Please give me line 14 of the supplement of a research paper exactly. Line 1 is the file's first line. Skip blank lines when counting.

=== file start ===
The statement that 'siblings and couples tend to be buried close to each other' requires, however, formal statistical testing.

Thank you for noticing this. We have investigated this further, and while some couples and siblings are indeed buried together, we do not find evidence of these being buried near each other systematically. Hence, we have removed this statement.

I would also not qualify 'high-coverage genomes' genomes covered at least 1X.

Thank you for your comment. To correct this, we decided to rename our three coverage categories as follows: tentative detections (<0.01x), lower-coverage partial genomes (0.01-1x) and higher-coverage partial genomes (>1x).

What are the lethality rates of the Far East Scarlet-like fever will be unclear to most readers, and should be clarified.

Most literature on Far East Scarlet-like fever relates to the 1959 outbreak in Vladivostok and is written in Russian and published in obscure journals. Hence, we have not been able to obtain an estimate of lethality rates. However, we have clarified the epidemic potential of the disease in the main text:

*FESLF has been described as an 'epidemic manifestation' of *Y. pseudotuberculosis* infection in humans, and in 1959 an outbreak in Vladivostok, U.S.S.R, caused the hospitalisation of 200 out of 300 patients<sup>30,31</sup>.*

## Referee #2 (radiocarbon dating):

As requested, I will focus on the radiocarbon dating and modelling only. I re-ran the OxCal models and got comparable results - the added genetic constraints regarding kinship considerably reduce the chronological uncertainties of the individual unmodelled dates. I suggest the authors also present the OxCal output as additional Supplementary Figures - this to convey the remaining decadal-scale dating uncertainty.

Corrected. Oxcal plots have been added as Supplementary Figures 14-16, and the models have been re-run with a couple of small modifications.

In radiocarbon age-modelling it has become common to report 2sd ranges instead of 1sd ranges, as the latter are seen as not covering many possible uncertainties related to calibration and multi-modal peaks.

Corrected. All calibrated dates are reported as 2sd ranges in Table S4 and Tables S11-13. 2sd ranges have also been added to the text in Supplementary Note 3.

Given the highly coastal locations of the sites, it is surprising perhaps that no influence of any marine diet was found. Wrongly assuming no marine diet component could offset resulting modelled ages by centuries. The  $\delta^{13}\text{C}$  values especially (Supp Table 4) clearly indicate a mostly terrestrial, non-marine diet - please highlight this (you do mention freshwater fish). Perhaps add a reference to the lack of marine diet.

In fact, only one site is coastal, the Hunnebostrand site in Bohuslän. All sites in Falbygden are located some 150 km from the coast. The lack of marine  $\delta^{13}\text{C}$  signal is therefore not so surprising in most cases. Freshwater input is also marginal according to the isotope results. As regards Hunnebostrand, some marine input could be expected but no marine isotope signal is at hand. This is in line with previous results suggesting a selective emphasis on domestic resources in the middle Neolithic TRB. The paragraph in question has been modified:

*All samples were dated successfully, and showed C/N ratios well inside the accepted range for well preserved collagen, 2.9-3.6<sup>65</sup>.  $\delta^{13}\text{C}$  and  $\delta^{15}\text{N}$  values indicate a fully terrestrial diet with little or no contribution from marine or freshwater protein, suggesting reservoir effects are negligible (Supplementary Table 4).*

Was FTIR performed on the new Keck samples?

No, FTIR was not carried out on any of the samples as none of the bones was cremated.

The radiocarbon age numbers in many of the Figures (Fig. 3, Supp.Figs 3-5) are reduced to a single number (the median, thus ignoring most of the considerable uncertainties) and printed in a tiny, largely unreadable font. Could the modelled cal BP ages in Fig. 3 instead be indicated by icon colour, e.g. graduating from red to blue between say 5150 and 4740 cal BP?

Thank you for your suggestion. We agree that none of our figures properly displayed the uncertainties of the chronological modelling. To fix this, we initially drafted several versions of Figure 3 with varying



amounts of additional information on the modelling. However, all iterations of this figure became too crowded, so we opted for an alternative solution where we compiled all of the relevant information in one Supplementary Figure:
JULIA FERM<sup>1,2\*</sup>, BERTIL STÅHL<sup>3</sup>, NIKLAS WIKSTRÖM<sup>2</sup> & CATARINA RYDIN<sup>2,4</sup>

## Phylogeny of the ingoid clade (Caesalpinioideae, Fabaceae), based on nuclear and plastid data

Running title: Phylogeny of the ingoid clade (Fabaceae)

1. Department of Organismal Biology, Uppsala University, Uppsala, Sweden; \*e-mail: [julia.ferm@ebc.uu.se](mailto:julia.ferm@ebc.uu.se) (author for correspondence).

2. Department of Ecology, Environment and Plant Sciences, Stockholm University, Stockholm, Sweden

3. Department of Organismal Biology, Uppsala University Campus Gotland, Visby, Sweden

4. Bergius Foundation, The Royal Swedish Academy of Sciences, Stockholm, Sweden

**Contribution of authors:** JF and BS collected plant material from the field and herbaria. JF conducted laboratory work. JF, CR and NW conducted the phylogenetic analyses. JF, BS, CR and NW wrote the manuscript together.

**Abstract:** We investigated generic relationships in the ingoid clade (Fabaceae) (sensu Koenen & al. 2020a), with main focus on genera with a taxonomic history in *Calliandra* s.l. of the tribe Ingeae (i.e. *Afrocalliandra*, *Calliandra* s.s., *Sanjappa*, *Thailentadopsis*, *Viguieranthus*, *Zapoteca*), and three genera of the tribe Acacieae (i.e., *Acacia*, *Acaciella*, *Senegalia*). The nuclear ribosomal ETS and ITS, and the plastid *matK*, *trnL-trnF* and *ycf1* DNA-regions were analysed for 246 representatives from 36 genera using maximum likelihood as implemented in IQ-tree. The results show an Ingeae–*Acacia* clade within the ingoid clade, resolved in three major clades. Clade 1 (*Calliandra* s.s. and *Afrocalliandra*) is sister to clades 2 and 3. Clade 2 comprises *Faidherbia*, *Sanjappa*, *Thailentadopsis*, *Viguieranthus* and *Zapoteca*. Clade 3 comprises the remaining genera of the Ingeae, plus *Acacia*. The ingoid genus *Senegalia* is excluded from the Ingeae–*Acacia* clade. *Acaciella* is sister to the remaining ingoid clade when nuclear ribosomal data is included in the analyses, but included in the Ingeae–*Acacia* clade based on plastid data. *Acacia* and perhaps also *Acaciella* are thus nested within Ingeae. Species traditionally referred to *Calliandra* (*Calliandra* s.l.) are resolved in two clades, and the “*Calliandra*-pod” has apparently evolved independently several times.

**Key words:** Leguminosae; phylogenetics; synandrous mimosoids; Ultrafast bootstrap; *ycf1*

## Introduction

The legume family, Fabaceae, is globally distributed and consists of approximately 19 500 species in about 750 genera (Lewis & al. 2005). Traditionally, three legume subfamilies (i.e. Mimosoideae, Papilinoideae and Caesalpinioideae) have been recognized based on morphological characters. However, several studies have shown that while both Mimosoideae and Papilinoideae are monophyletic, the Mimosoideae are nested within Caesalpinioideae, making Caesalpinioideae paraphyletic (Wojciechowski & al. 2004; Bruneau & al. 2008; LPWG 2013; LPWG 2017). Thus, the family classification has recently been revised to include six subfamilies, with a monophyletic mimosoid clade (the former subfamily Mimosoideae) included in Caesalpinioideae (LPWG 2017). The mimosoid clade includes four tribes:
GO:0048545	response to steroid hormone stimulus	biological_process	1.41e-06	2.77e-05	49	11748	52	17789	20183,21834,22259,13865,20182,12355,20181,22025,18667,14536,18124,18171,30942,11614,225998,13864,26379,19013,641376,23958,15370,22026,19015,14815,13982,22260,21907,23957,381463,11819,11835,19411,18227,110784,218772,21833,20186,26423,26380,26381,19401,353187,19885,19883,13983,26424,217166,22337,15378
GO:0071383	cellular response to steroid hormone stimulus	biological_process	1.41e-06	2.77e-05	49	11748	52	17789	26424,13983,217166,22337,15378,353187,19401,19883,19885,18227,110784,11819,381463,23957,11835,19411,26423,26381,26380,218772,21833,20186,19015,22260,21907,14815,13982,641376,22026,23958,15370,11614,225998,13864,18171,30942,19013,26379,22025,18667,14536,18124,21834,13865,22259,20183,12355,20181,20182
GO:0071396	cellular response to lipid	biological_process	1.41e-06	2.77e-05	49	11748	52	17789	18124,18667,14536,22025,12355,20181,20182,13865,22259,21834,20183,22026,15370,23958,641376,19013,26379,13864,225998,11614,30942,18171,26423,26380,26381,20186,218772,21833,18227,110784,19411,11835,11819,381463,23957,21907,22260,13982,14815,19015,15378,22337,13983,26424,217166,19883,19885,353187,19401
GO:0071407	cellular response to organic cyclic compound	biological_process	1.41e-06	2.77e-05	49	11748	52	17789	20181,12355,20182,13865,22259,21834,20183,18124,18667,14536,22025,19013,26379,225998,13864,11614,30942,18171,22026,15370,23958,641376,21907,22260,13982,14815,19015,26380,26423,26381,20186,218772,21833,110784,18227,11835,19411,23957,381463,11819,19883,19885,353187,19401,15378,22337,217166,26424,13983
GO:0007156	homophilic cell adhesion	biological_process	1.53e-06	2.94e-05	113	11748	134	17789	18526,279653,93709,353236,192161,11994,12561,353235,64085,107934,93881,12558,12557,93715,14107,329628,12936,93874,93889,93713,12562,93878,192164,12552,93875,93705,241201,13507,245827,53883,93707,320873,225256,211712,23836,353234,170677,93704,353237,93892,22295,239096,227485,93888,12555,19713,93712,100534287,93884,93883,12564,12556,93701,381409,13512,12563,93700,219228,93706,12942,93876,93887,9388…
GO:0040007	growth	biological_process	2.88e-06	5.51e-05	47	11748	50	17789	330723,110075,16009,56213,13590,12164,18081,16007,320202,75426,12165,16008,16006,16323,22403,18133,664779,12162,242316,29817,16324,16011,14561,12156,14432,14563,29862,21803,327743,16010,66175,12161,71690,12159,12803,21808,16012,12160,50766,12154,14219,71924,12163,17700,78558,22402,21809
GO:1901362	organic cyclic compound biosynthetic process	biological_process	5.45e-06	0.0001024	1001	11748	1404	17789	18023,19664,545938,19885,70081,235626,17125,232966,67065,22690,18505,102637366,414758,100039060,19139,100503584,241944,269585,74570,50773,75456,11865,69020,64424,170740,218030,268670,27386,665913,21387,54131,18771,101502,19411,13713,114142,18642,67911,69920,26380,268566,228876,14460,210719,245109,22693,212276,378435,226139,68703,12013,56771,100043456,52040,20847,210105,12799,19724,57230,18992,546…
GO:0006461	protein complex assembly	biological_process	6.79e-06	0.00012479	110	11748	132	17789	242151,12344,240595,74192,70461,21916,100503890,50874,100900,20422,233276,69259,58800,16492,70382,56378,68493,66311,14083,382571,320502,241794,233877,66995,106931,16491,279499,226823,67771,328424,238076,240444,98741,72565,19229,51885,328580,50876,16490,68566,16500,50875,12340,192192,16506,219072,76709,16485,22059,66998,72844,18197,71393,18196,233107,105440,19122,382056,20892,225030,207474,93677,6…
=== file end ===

In fact, only one site is coastal, the Hunnebostrand site in Bohuslän. All sites in Falbygden are located some 150 km from the coast. The lack of marine  $\delta^{13}\text{C}$  signal is therefore not so surprising in most cases. Freshwater input is also marginal according to the isotope results. As regards Hunnebostrand, some marine input could be expected but no marine isotope signal is at hand. This is in line with previous results suggesting a selective emphasis on domestic resources in the middle Neolithic TRB. The paragraph in question has been modified: